The period of active service is an important educational experience for many young men. In addition to mastering weapons, they learn personal hygiene, table manners, and the basics of social conduct. They receive a wholesome diet and, in most cases, better medical and dental care than they will have at any other time in their lives. Literacy classes were formerly an important feature of military training, but by the 1980s fewer than 5 percent of recruits needed to be taught to read and write.

Many conscripts are taught useful skills, such as truck driving and machinery repair. The army's training of technicians and artisans may rival the contribution of civilian technical secondary schools, which produce only about 100,000 graduates a year.

Draft evasion apparently had become a serious problem by the mid-1990s, perhaps because of young men's reluctance to risk their lives against Kurdish insurgents. In December 1993, the chief of staff said that 30 percent of all men of draft age had deferred their service (in many cases in order to complete higher education), 22 percent were evading conscription, and 7 percent were medically unfit. The total of those who had avoided conscription came to about 250,000 but, as the chief of staff pointed out, the armed forces did not have facilities to induct all these men even if they were available. Desertions were also said to have increased, although military leaders were unwilling to confirm this fact.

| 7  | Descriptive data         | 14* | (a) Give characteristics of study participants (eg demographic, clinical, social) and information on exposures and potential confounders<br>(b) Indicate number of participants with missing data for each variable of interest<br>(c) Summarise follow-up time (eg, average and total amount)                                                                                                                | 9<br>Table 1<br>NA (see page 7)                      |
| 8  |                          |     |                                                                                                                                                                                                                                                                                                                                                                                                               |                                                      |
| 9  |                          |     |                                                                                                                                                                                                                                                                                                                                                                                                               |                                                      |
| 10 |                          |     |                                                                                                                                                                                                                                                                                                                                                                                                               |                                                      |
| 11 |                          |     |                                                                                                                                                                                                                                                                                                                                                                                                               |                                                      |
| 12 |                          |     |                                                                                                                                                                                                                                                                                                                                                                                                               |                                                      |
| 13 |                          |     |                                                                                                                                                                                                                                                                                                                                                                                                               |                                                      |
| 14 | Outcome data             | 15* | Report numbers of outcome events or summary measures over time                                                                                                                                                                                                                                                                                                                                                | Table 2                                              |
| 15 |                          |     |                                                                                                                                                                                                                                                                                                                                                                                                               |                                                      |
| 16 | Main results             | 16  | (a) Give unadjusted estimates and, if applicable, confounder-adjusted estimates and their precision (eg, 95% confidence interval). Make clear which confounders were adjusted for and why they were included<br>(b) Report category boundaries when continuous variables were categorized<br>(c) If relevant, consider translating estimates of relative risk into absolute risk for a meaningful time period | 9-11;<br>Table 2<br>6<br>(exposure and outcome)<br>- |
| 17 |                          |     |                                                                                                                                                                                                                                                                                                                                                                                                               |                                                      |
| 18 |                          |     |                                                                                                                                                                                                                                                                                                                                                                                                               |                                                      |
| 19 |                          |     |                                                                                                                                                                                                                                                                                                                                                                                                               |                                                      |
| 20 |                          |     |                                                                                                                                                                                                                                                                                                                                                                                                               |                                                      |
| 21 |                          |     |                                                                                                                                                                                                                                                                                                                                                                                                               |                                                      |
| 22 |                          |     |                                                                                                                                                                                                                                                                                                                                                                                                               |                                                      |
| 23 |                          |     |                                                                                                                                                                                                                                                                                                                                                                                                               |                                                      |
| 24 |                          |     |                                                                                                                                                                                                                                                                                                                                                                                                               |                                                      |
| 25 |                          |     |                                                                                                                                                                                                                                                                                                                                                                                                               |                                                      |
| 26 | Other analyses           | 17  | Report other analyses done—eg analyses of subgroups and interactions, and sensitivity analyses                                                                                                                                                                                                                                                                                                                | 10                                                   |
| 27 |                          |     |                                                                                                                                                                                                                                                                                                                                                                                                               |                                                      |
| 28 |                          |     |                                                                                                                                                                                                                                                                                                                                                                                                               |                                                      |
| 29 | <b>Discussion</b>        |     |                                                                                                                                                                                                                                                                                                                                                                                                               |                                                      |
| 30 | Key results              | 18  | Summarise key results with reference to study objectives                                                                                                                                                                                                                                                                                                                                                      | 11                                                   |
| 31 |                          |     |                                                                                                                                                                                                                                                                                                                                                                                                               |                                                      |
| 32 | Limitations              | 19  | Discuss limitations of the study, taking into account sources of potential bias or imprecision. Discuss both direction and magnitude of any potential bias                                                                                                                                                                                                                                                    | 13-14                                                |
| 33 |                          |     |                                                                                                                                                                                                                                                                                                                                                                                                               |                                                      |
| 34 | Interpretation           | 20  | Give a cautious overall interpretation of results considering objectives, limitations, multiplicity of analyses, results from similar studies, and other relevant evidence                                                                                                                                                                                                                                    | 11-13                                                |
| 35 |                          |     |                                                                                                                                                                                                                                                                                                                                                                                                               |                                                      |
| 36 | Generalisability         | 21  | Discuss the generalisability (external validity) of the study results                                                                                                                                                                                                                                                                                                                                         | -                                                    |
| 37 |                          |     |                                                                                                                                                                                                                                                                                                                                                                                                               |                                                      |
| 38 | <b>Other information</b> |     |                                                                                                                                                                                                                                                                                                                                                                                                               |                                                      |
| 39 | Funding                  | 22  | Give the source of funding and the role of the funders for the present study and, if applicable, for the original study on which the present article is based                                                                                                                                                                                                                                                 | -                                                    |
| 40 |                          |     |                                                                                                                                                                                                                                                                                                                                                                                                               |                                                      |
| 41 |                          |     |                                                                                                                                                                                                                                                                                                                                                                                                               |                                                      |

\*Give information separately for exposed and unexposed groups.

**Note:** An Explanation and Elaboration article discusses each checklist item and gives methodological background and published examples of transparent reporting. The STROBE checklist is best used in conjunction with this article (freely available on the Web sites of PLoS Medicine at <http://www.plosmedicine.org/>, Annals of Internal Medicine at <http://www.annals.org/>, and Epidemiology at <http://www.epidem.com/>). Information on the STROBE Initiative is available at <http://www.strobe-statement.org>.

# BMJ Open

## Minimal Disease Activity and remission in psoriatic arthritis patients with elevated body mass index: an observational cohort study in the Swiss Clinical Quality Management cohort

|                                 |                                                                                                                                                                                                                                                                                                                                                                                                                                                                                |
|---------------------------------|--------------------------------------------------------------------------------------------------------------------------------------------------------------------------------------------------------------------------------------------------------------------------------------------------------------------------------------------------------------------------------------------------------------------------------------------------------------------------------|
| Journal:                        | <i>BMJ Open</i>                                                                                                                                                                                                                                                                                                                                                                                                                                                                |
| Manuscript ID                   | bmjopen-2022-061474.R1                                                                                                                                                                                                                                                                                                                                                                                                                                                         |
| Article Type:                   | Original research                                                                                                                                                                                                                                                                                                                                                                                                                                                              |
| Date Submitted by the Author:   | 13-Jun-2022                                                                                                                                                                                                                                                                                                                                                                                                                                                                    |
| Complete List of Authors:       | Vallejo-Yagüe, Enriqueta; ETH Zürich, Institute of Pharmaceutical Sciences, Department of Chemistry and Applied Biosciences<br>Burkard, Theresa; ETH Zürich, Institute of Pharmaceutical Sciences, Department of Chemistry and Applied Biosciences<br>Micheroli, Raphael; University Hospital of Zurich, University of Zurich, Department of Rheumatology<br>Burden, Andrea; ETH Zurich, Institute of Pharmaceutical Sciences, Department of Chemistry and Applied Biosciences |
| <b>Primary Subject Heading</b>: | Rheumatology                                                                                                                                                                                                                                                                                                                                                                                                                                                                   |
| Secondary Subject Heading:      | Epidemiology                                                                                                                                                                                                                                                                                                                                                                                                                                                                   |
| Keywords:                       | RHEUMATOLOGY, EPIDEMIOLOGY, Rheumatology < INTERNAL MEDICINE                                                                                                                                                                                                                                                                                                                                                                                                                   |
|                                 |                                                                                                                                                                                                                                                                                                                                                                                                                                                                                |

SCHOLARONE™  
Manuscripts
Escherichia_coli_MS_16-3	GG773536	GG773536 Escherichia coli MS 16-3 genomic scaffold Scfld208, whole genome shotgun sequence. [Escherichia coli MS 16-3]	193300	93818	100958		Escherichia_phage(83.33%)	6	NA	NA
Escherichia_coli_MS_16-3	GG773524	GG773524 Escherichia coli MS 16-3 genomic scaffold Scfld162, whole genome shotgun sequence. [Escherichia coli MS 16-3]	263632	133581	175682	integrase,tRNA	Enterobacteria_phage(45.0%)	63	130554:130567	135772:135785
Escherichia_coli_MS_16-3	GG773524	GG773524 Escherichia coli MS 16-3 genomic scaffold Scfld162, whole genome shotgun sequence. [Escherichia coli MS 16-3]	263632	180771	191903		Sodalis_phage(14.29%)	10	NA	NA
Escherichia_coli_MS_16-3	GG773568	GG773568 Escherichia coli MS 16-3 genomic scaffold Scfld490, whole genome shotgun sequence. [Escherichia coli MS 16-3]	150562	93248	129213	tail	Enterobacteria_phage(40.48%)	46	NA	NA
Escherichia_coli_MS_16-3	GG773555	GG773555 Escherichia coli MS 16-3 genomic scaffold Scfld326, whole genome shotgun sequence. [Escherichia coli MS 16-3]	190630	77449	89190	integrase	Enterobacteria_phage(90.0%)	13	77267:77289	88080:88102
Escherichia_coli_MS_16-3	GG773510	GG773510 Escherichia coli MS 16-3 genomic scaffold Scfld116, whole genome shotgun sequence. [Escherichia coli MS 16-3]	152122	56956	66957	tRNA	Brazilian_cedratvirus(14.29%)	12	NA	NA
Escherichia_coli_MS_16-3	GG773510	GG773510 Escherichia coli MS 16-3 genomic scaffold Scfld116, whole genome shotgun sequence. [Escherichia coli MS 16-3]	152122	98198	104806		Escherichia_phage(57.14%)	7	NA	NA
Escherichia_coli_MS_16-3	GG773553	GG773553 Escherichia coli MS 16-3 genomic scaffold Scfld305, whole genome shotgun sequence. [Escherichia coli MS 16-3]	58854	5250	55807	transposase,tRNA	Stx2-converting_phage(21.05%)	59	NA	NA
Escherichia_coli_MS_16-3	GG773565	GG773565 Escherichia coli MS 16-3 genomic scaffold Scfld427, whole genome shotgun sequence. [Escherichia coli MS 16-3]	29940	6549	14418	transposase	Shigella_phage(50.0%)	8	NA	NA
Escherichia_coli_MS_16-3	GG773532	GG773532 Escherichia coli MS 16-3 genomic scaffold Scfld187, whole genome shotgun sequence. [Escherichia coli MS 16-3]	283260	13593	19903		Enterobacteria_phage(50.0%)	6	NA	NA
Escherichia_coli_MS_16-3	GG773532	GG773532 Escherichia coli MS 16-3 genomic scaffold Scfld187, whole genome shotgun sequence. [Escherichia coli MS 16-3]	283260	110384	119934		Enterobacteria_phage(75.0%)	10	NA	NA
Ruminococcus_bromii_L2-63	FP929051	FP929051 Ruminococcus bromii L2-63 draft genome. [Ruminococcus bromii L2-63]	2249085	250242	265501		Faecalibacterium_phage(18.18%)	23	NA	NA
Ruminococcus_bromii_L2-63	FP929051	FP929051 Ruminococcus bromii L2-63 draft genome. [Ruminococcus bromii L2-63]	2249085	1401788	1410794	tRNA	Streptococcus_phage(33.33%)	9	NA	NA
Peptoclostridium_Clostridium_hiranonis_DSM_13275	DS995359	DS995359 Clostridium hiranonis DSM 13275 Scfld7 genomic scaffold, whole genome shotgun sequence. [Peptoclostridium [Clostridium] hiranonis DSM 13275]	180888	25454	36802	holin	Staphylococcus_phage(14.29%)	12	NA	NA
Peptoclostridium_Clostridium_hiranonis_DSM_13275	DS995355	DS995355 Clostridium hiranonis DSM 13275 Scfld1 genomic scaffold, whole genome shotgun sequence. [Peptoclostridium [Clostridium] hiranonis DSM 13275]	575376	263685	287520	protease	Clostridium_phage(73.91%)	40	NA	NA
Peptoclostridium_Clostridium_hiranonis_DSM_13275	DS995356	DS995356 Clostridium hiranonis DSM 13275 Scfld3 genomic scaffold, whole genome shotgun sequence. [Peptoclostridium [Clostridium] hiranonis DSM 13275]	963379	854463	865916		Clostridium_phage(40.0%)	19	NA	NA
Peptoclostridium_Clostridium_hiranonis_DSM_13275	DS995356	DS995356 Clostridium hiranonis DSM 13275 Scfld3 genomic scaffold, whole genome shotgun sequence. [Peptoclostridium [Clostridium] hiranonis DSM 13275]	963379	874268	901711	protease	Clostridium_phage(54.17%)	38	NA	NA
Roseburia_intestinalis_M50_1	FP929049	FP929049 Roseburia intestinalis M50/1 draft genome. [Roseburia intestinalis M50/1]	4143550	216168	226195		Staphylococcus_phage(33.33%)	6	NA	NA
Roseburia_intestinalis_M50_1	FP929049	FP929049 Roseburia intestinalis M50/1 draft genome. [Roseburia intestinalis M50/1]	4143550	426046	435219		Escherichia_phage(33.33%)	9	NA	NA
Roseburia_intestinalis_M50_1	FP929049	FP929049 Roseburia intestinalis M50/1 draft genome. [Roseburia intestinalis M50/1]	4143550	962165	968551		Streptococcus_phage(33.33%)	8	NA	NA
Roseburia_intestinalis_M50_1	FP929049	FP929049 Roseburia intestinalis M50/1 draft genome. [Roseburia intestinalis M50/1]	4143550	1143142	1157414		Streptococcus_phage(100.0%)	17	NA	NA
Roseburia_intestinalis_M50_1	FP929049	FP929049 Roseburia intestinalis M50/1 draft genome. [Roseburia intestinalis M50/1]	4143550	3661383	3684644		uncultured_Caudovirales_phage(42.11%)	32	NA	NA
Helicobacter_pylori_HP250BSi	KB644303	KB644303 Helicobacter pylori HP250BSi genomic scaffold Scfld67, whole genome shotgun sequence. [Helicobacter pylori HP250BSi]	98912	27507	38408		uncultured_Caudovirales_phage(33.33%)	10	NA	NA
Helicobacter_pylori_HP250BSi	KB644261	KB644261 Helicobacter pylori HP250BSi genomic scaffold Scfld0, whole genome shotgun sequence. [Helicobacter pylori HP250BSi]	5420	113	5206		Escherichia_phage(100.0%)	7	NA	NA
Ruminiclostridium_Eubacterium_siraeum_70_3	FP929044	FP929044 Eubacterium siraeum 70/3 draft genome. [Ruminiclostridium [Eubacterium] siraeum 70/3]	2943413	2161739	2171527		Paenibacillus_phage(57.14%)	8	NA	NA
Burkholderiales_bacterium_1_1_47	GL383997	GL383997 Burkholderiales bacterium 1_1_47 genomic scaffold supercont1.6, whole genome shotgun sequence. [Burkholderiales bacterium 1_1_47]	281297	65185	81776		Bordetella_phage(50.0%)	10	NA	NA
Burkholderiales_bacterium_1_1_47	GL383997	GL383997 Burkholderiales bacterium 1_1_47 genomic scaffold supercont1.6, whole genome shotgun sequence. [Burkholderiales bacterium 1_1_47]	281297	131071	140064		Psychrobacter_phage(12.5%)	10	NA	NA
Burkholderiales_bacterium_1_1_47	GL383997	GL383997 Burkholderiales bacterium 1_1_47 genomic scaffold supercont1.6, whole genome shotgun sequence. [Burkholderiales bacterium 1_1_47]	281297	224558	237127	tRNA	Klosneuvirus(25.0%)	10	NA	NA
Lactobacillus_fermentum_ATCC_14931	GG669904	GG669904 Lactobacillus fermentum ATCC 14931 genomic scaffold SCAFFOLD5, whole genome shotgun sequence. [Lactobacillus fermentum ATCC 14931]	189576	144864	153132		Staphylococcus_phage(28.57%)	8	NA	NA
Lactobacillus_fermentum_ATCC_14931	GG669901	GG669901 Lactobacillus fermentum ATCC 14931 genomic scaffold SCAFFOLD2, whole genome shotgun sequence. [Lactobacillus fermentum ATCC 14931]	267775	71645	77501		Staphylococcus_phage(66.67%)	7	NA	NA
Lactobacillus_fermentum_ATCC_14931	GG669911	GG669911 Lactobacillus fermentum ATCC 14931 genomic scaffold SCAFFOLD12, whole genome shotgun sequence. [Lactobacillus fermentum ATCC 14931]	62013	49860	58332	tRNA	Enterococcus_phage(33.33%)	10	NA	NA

After completing their active-duty obligation, conscripts are subject to recall in periods of national emergency until age forty-six if physically fit and not otherwise exempted. In practice, it is only for a few years after discharge that conscripts are considered part of the reserve system with specific unit assignments. In 1994 the number in this category was reported to be about 952,300 (831,700 in the army, 55,600 in the navy, and 65,000 in the air force).

Turkey has always had an ample supply of personnel to meet its military needs. In 1994 roughly 3 million men were between the ages of eighteen and twenty-two. The annual call-up for all branches totaled about 300,000 but was likely to shrink rapidly with the reduction of the army complement and the effort to enlist more regulars. Nevertheless, in January 1994 all discharges were frozen for three months to ensure that the army had enough trained soldiers for operations against the Kurdish guerrillas.